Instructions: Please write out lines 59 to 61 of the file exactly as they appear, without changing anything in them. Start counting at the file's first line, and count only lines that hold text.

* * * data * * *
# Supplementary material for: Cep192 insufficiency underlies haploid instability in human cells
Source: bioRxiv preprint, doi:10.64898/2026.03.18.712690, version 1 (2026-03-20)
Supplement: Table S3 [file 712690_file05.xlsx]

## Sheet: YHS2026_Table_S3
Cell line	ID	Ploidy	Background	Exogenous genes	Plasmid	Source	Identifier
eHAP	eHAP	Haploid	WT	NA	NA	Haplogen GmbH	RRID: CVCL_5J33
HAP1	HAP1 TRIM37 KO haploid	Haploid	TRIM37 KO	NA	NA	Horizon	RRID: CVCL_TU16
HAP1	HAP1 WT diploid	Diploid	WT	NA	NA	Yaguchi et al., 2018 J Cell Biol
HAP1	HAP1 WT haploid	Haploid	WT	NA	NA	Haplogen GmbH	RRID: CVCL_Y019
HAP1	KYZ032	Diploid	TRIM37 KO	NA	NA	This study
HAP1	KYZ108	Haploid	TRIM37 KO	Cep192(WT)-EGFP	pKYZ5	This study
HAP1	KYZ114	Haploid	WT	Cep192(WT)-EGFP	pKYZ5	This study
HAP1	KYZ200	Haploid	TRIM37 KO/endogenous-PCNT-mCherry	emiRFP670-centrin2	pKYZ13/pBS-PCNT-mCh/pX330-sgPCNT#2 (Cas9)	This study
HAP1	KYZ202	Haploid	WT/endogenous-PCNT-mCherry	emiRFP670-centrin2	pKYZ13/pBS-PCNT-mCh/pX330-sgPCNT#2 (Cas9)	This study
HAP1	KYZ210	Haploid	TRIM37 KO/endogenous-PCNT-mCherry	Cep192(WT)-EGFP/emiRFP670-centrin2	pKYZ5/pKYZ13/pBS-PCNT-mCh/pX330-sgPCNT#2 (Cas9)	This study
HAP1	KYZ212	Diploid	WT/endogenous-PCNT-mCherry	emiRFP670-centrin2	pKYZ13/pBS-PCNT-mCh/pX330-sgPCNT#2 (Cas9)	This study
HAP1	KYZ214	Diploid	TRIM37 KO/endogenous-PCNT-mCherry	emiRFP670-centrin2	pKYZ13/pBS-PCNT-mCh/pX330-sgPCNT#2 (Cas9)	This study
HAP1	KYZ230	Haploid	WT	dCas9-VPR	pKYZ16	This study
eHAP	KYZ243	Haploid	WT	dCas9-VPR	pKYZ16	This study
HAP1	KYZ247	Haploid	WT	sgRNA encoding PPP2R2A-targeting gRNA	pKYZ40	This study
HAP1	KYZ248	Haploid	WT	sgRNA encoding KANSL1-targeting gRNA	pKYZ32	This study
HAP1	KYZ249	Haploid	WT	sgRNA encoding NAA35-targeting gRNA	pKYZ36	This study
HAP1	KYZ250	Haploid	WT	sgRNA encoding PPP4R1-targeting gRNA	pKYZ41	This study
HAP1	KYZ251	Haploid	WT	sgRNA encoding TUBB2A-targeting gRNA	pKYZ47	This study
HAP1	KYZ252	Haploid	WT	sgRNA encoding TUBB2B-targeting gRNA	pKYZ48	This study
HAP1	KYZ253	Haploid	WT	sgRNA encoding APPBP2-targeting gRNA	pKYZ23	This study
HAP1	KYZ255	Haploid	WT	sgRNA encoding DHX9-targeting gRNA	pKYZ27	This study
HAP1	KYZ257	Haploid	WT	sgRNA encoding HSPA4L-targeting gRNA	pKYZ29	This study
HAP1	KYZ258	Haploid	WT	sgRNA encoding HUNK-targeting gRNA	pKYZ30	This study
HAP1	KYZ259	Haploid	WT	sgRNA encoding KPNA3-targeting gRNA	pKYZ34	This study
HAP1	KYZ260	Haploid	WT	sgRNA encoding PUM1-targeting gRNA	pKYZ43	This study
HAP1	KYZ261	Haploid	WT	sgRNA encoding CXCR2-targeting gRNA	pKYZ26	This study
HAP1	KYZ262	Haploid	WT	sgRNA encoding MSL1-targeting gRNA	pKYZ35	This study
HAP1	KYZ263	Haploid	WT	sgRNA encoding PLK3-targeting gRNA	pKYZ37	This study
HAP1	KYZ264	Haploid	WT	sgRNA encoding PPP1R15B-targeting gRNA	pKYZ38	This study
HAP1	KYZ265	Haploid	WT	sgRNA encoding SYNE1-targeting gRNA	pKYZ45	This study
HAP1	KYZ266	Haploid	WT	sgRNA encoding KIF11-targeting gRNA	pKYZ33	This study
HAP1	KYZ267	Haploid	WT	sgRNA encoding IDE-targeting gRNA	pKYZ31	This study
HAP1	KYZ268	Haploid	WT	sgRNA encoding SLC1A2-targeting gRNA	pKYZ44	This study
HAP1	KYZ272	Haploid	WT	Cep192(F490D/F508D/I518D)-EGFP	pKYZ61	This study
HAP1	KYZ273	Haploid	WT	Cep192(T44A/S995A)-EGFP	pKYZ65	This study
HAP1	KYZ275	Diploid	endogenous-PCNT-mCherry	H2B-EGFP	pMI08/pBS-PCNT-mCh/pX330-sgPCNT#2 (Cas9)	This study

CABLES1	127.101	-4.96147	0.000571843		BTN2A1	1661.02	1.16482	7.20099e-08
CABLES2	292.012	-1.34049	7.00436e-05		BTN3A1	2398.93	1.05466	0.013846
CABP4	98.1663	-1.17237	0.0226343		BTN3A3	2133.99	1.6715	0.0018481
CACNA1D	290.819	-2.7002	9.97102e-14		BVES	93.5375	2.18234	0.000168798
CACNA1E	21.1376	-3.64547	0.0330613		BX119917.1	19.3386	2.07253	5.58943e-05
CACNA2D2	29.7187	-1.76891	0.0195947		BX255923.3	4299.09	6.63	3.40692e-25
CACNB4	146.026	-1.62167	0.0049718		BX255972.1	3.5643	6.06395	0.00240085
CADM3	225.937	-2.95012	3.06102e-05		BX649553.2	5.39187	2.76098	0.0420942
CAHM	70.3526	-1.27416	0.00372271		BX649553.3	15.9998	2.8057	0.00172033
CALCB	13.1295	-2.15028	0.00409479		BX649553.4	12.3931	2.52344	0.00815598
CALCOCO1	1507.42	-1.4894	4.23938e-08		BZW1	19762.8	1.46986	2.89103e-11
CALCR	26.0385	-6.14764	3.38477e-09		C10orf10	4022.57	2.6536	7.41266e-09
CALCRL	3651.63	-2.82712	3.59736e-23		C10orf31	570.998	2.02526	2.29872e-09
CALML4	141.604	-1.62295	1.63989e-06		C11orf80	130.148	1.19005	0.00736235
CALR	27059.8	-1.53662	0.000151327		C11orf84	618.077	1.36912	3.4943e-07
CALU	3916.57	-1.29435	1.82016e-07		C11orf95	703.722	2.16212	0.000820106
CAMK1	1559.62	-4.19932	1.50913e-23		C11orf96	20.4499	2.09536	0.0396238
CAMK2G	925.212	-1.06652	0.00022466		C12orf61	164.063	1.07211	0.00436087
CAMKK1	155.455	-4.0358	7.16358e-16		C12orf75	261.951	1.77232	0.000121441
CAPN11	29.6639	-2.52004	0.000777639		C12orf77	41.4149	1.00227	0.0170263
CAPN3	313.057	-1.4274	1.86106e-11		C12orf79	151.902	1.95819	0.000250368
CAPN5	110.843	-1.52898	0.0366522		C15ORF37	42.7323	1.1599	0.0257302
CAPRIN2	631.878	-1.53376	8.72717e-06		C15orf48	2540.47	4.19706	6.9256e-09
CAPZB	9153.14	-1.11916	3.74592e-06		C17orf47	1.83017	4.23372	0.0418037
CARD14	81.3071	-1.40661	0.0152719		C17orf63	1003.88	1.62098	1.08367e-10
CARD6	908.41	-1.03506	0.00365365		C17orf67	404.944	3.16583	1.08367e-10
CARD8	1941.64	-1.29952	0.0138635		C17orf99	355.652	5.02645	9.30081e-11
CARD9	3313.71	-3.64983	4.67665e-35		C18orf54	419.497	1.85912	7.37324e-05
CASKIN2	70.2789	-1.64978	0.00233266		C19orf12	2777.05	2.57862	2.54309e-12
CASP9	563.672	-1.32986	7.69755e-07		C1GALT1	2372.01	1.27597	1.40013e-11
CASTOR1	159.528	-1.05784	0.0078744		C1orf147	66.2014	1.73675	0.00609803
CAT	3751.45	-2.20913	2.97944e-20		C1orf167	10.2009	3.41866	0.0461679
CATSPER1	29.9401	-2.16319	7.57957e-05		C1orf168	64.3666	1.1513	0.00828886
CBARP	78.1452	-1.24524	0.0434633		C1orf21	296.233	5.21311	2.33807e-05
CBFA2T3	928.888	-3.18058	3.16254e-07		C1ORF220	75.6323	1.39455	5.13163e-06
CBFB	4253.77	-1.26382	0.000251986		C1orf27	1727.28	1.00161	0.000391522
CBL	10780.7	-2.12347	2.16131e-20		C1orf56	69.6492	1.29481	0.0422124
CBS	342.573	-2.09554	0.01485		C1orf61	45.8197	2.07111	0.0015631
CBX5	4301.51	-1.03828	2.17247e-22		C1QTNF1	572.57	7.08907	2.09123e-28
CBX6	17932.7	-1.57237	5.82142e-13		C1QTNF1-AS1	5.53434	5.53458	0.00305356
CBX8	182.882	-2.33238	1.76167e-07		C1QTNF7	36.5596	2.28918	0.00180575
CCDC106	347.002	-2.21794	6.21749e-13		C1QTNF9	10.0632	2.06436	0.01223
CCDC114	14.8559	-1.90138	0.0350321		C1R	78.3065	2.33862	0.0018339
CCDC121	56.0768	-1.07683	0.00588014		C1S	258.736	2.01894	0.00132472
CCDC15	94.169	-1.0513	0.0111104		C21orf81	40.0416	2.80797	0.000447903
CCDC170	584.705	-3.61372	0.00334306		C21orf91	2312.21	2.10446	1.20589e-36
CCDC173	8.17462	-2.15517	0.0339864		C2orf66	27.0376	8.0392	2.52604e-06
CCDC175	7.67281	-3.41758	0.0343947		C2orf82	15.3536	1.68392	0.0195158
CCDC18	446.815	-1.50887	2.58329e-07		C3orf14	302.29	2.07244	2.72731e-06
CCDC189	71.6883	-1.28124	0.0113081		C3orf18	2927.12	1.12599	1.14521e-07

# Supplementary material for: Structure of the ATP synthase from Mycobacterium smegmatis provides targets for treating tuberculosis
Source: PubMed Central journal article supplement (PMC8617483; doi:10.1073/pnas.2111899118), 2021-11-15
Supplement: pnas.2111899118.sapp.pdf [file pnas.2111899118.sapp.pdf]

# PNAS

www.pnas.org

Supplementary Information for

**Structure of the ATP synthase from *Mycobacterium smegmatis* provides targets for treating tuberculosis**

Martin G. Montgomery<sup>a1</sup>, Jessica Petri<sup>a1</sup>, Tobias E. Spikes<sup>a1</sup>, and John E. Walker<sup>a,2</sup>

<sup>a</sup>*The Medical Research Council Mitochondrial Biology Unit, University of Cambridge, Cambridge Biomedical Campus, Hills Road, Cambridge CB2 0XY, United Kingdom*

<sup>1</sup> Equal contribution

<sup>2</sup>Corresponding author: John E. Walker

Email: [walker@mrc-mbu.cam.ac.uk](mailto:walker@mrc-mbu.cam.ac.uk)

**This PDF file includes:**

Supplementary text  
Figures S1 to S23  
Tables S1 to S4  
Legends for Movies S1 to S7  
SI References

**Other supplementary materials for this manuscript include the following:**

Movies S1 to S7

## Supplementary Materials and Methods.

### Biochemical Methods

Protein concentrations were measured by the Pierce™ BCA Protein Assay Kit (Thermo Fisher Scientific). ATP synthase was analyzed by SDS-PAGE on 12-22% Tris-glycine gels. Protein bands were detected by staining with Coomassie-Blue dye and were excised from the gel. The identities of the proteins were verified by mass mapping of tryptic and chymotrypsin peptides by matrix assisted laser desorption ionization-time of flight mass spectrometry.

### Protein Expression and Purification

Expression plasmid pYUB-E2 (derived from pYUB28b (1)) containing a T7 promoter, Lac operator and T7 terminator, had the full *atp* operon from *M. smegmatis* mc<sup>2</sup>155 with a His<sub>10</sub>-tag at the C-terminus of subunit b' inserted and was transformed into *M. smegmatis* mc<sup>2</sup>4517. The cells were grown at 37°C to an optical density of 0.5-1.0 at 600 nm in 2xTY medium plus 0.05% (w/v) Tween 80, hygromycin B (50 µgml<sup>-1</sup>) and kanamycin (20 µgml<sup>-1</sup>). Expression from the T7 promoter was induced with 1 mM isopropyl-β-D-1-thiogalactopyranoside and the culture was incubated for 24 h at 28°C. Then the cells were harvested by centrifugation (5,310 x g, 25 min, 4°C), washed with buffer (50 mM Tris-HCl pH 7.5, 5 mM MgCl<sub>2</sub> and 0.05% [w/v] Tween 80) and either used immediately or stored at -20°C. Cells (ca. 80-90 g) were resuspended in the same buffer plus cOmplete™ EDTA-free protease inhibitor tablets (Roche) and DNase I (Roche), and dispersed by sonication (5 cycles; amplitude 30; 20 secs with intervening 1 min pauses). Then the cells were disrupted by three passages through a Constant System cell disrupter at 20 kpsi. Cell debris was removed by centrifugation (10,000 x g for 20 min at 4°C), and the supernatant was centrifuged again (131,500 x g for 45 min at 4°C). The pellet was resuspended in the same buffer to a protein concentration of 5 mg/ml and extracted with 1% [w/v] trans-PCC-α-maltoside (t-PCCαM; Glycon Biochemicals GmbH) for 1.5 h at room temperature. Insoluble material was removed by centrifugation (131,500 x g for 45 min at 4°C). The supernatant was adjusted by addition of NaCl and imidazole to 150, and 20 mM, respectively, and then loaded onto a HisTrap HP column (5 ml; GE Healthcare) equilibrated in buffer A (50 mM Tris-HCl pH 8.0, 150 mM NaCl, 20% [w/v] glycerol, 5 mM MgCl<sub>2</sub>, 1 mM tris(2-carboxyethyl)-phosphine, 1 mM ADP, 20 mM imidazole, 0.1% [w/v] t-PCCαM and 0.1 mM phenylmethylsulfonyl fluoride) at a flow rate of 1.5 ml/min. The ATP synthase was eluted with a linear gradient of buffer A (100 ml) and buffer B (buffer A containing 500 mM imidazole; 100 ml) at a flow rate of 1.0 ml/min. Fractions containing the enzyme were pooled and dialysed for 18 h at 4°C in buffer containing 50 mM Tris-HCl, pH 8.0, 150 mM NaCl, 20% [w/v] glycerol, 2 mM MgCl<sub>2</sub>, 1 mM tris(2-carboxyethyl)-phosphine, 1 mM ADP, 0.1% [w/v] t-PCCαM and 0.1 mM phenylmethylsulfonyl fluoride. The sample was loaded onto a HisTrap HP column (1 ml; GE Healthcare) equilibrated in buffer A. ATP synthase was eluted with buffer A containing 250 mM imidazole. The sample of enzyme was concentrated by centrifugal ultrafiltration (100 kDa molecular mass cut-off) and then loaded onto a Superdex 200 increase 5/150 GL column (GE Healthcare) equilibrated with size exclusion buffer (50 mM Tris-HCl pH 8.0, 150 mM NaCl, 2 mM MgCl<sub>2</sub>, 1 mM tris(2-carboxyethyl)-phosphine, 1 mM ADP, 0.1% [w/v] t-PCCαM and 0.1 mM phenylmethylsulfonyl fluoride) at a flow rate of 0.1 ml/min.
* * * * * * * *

CAMK1	1559.62	-4.19932	1.50913e-23		C11orf96	20.4499	2.09536	0.0396238
CAMK2G	925.212	-1.06652	0.00022466		C12orf61	164.063	1.07211	0.00436087
CAMKK1	155.455	-4.0358	7.16358e-16		C12orf75	261.951	1.77232	0.000121441